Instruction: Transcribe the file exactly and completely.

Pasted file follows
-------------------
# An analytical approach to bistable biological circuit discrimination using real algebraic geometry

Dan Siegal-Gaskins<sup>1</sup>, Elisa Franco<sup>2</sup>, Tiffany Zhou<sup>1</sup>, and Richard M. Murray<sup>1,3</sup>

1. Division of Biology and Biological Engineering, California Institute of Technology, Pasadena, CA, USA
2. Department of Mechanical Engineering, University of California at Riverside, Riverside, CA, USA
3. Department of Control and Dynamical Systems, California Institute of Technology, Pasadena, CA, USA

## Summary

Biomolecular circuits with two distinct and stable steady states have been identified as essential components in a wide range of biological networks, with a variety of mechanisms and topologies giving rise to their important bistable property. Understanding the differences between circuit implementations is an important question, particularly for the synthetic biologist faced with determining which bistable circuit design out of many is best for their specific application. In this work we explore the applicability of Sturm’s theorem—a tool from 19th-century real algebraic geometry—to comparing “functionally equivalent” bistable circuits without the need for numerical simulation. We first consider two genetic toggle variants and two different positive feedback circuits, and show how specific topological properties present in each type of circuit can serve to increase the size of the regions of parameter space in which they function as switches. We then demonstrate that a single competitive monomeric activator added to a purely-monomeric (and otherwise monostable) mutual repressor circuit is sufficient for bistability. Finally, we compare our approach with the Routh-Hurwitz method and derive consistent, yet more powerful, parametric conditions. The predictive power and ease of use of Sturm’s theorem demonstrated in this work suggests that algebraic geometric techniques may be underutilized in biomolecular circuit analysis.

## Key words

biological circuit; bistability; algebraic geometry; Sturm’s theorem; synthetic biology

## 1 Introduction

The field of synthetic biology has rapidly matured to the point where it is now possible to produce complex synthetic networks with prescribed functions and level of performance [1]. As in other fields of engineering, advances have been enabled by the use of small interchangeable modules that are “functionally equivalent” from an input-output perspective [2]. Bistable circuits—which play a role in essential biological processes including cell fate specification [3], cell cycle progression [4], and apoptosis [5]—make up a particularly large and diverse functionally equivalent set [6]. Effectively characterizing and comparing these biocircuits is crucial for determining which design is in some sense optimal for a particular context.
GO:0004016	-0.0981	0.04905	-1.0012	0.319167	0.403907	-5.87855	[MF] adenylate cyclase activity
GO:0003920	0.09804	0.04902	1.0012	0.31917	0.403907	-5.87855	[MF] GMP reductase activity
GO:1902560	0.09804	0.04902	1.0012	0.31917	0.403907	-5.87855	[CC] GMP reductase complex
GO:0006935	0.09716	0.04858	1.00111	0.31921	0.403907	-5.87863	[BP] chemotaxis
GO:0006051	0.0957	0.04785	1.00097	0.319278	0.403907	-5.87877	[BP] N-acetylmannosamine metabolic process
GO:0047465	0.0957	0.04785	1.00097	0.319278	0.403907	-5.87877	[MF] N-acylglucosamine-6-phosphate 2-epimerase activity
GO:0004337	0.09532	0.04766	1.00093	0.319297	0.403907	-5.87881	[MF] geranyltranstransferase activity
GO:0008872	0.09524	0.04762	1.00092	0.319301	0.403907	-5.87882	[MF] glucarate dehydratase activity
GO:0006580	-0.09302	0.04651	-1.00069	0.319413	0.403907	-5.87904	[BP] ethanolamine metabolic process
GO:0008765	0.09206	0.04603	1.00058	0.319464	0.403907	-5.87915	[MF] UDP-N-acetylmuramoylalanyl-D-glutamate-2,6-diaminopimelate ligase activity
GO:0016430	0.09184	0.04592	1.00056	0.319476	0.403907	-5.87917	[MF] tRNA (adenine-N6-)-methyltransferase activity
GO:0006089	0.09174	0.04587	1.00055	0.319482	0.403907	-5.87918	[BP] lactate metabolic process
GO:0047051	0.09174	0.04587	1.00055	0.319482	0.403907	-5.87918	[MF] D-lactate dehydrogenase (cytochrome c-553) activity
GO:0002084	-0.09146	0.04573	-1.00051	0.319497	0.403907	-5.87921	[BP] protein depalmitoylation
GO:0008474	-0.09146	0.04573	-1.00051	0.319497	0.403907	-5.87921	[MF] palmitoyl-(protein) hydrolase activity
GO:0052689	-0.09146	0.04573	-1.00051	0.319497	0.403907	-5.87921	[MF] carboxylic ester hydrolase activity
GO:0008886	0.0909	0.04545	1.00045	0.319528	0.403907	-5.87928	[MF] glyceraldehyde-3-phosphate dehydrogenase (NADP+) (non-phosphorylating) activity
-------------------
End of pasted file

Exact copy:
# An analytical approach to bistable biological circuit discrimination using real algebraic geometry

Dan Siegal-Gaskins<sup>1</sup>, Elisa Franco<sup>2</sup>, Tiffany Zhou<sup>1</sup>, and Richard M. Murray<sup>1,3</sup>

1. Division of Biology and Biological Engineering, California Institute of Technology, Pasadena, CA, USA
2. Department of Mechanical Engineering, University of California at Riverside, Riverside, CA, USA
3. Department of Control and Dynamical Systems, California Institute of Technology, Pasadena, CA, USA

## Summary

Biomolecular circuits with two distinct and stable steady states have been identified as essential components in a wide range of biological networks, with a variety of mechanisms and topologies giving rise to their important bistable property. Understanding the differences between circuit implementations is an important question, particularly for the synthetic biologist faced with determining which bistable circuit design out of many is best for their specific application. In this work we explore the applicability of Sturm’s theorem—a tool from 19th-century real algebraic geometry—to comparing “functionally equivalent” bistable circuits without the need for numerical simulation. We first consider two genetic toggle variants and two different positive feedback circuits, and show how specific topological properties present in each type of circuit can serve to increase the size of the regions of parameter space in which they function as switches. We then demonstrate that a single competitive monomeric activator added to a purely-monomeric (and otherwise monostable) mutual repressor circuit is sufficient for bistability. Finally, we compare our approach with the Routh-Hurwitz method and derive consistent, yet more powerful, parametric conditions. The predictive power and ease of use of Sturm’s theorem demonstrated in this work suggests that algebraic geometric techniques may be underutilized in biomolecular circuit analysis.

## Key words

biological circuit; bistability; algebraic geometry; Sturm’s theorem; synthetic biology

## 1 Introduction

The field of synthetic biology has rapidly matured to the point where it is now possible to produce complex synthetic networks with prescribed functions and level of performance [1]. As in other fields of engineering, advances have been enabled by the use of small interchangeable modules that are “functionally equivalent” from an input-output perspective [2]. Bistable circuits—which play a role in essential biological processes including cell fate specification [3], cell cycle progression [4], and apoptosis [5]—make up a particularly large and diverse functionally equivalent set [6]. Effectively characterizing and comparing these biocircuits is crucial for determining which design is in some sense optimal for a particular context.
GO:0004016	-0.0981	0.04905	-1.0012	0.319167	0.403907	-5.87855	[MF] adenylate cyclase activity
GO:0003920	0.09804	0.04902	1.0012	0.31917	0.403907	-5.87855	[MF] GMP reductase activity
GO:1902560	0.09804	0.04902	1.0012	0.31917	0.403907	-5.87855	[CC] GMP reductase complex
GO:0006935	0.09716	0.04858	1.00111	0.31921	0.403907	-5.87863	[BP] chemotaxis
GO:0006051	0.0957	0.04785	1.00097	0.319278	0.403907	-5.87877	[BP] N-acetylmannosamine metabolic process
GO:0047465	0.0957	0.04785	1.00097	0.319278	0.403907	-5.87877	[MF] N-acylglucosamine-6-phosphate 2-epimerase activity
GO:0004337	0.09532	0.04766	1.00093	0.319297	0.403907	-5.87881	[MF] geranyltranstransferase activity
GO:0008872	0.09524	0.04762	1.00092	0.319301	0.403907	-5.87882	[MF] glucarate dehydratase activity
GO:0006580	-0.09302	0.04651	-1.00069	0.319413	0.403907	-5.87904	[BP] ethanolamine metabolic process
GO:0008765	0.09206	0.04603	1.00058	0.319464	0.403907	-5.87915	[MF] UDP-N-acetylmuramoylalanyl-D-glutamate-2,6-diaminopimelate ligase activity
GO:0016430	0.09184	0.04592	1.00056	0.319476	0.403907	-5.87917	[MF] tRNA (adenine-N6-)-methyltransferase activity
GO:0006089	0.09174	0.04587	1.00055	0.319482	0.403907	-5.87918	[BP] lactate metabolic process
GO:0047051	0.09174	0.04587	1.00055	0.319482	0.403907	-5.87918	[MF] D-lactate dehydrogenase (cytochrome c-553) activity
GO:0002084	-0.09146	0.04573	-1.00051	0.319497	0.403907	-5.87921	[BP] protein depalmitoylation
GO:0008474	-0.09146	0.04573	-1.00051	0.319497	0.403907	-5.87921	[MF] palmitoyl-(protein) hydrolase activity
GO:0052689	-0.09146	0.04573	-1.00051	0.319497	0.403907	-5.87921	[MF] carboxylic ester hydrolase activity
GO:0008886	0.0909	0.04545	1.00045	0.319528	0.403907	-5.87928	[MF] glyceraldehyde-3-phosphate dehydrogenase (NADP+) (non-phosphorylating) activity